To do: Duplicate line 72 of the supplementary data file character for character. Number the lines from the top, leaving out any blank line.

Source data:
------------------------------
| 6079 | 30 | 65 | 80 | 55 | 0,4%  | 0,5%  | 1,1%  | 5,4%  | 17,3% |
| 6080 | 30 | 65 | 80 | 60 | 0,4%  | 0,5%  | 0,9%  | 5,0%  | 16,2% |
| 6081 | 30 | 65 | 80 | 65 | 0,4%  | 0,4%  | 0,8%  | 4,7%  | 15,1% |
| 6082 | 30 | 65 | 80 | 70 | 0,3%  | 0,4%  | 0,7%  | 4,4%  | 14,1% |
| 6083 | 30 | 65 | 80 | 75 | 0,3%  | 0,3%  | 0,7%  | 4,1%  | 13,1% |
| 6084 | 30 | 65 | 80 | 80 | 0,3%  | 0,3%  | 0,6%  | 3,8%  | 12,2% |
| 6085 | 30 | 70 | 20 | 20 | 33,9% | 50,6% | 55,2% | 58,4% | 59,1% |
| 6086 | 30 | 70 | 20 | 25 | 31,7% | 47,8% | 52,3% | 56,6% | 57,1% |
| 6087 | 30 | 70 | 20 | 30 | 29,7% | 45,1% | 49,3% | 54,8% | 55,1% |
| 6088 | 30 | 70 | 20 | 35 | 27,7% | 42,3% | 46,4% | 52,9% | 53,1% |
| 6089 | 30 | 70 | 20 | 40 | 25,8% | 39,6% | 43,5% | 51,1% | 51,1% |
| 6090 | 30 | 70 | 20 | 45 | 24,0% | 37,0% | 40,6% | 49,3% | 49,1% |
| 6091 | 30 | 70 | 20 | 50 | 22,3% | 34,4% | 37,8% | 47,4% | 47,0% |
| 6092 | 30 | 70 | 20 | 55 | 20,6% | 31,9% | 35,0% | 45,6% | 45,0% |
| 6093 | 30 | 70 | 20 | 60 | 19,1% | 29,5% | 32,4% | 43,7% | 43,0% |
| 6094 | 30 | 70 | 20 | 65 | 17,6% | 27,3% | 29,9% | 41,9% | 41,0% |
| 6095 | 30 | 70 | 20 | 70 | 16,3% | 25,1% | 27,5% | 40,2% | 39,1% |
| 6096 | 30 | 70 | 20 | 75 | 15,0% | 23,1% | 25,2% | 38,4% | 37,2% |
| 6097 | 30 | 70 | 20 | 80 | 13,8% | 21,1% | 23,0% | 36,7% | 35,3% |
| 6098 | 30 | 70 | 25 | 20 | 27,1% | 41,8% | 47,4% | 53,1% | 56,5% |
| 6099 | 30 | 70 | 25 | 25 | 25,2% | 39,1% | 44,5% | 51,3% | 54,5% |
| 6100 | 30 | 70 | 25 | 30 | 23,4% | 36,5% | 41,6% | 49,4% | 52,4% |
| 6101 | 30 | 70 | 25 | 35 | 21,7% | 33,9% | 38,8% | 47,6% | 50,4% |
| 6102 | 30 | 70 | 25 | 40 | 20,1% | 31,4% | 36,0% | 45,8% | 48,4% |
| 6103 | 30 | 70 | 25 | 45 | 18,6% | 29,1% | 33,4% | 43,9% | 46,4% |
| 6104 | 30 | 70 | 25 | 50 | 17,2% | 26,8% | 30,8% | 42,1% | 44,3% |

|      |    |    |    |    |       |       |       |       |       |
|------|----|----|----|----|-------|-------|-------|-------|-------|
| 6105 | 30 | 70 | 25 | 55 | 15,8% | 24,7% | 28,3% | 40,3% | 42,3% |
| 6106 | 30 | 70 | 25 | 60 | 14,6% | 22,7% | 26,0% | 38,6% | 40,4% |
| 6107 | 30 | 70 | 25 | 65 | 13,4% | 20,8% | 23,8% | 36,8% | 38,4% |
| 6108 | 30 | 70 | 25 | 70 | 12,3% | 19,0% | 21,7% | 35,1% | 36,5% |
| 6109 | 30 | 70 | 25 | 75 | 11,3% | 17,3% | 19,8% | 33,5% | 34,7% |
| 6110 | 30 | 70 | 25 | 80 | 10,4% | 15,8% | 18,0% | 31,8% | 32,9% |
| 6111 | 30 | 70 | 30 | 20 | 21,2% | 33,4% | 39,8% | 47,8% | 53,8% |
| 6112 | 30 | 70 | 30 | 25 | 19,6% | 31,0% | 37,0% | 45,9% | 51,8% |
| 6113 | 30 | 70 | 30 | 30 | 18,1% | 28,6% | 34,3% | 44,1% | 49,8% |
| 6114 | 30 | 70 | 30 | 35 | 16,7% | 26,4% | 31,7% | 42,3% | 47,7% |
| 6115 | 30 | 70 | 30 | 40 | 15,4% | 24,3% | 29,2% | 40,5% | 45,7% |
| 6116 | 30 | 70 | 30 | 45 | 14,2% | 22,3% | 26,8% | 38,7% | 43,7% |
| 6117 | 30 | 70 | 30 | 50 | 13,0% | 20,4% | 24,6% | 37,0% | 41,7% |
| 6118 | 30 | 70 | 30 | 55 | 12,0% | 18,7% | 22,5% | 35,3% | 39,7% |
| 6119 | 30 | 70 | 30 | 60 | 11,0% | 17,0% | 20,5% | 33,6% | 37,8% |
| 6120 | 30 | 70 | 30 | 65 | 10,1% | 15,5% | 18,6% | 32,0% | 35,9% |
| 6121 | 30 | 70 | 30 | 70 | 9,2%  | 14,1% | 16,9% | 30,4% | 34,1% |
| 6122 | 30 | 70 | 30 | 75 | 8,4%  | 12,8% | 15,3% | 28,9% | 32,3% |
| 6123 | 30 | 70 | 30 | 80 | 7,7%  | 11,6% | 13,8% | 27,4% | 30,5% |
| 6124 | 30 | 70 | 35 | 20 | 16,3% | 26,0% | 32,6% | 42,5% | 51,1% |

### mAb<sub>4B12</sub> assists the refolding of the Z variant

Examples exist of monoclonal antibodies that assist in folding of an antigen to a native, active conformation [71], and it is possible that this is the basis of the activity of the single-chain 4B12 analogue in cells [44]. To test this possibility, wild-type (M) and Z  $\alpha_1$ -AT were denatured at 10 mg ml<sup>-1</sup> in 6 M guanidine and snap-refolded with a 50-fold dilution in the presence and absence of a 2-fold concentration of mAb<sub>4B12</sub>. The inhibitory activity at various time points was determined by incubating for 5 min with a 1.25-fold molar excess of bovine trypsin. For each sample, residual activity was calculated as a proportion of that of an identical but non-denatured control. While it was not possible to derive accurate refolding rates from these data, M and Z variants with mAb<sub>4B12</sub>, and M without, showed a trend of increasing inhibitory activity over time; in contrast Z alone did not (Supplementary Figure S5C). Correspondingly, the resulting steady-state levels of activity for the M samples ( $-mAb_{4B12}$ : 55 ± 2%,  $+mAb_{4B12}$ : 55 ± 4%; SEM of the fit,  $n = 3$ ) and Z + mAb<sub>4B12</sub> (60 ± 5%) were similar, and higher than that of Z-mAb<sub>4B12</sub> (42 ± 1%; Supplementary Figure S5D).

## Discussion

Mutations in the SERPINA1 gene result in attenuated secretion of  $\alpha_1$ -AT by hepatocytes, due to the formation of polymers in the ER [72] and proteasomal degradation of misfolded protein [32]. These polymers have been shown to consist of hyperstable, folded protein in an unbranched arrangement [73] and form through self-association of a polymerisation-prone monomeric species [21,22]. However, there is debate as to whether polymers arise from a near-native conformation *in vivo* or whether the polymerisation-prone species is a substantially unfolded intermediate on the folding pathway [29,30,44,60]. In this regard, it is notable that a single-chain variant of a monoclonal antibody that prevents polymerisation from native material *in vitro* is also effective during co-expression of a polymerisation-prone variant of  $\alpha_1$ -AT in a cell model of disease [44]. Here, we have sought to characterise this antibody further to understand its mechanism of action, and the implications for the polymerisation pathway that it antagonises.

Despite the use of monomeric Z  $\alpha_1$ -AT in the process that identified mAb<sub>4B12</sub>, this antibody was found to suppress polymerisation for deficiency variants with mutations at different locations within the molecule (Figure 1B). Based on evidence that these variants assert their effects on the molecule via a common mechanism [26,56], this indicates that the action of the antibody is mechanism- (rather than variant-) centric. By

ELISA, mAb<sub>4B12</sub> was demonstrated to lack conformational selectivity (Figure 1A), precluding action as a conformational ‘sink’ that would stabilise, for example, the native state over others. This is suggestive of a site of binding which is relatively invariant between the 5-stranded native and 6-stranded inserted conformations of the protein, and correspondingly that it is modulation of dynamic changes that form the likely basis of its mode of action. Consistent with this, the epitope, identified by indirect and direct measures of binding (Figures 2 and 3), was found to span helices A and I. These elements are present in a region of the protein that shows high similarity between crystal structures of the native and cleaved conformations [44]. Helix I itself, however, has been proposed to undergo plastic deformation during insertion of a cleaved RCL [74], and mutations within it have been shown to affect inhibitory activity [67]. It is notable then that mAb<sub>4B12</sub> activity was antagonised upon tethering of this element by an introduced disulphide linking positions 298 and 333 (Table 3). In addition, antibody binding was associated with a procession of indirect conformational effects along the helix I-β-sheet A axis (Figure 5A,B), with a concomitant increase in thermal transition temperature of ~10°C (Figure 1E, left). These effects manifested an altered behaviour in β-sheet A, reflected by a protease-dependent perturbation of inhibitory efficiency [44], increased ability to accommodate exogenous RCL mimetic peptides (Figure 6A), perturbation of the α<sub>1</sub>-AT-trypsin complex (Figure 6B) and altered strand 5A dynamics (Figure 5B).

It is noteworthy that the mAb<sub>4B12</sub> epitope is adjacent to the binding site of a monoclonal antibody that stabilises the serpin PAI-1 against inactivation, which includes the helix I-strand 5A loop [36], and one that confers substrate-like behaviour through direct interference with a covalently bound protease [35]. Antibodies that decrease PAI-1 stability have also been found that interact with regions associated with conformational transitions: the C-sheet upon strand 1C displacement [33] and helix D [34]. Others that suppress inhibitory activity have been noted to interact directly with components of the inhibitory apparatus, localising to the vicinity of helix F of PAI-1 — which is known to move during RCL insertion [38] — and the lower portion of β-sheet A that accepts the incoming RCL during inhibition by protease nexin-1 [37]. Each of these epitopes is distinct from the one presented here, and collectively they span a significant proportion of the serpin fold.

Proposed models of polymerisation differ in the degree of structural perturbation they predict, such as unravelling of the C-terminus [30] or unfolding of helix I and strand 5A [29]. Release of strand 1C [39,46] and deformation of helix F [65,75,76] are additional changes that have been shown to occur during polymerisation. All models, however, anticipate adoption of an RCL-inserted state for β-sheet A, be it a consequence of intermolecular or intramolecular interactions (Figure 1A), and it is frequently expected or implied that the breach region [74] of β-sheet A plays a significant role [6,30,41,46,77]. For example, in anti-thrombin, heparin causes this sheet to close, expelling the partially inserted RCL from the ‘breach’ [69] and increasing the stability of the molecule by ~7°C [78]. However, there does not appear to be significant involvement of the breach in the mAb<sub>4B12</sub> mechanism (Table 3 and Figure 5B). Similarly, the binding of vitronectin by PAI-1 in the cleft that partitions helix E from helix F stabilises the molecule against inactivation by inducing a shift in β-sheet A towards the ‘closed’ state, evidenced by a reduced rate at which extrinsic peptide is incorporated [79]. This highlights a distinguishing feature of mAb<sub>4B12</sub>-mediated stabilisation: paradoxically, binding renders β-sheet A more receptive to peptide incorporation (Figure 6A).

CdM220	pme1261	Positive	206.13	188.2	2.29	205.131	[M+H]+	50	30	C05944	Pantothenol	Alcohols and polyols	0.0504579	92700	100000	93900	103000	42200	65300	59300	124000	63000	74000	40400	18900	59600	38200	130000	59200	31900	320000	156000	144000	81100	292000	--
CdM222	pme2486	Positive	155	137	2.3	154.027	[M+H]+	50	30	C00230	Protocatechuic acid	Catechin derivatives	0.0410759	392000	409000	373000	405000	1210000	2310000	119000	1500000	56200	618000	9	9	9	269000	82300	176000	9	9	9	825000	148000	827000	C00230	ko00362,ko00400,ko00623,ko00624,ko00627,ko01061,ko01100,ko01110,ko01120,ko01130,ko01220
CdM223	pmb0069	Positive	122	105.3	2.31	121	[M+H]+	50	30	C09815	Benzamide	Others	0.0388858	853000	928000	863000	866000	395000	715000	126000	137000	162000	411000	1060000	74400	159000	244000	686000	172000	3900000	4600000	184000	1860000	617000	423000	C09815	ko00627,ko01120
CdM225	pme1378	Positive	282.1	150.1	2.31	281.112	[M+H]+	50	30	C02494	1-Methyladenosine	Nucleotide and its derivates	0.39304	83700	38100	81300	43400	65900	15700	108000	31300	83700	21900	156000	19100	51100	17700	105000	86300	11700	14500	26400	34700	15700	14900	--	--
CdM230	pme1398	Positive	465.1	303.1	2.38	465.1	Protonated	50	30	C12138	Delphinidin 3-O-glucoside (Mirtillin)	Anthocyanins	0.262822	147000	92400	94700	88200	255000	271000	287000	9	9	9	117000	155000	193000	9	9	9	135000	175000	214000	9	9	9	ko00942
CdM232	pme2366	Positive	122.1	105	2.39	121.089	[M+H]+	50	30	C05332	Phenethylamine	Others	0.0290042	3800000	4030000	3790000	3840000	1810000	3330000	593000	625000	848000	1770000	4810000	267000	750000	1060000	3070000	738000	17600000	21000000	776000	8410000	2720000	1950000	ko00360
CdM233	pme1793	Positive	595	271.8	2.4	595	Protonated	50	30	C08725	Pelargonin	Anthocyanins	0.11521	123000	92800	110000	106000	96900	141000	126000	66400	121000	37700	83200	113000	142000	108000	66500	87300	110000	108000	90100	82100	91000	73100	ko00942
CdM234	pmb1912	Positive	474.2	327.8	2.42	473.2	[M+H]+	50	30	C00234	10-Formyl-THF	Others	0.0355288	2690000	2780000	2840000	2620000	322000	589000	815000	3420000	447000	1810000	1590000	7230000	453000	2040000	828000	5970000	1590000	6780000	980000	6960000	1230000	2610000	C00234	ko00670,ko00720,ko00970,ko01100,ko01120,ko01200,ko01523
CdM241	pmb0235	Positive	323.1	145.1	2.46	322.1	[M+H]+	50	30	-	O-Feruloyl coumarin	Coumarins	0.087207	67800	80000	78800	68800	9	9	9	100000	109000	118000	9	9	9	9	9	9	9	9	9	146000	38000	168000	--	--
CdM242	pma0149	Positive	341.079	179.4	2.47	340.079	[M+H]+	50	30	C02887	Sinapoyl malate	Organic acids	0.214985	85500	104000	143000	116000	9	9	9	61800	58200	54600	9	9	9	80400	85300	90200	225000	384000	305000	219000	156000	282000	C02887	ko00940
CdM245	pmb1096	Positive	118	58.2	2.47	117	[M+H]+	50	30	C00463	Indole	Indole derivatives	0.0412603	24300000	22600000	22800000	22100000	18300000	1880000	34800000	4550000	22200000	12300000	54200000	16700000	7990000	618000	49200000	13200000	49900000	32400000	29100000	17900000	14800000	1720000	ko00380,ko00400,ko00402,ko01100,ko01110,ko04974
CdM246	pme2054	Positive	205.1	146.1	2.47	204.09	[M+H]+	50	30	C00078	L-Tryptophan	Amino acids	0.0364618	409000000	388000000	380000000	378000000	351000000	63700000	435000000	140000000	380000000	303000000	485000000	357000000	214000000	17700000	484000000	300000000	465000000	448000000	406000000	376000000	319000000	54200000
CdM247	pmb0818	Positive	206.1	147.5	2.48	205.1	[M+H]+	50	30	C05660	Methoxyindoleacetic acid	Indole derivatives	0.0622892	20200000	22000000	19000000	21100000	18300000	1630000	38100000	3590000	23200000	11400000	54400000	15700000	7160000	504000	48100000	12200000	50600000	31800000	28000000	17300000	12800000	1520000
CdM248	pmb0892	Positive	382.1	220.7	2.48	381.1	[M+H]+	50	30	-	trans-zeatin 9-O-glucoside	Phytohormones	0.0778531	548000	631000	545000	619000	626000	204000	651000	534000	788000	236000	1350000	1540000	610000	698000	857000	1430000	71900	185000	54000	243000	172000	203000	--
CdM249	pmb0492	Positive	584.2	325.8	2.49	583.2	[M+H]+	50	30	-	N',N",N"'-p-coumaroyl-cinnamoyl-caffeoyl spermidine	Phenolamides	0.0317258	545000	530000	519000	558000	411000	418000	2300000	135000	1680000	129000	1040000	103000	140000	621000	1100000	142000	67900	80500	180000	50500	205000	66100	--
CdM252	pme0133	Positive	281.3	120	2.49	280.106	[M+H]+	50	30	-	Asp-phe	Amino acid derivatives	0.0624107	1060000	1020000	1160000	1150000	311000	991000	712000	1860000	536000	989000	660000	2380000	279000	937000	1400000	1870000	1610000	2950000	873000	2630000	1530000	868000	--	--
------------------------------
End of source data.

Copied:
CdM252	pme0133	Positive	281.3	120	2.49	280.106	[M+H]+	50	30	-	Asp-phe	Amino acid derivatives	0.0624107	1060000	1020000	1160000	1150000	311000	991000	712000	1860000	536000	989000	660000	2380000	279000	937000	1400000	1870000	1610000	2950000	873000	2630000	1530000	868000	--	--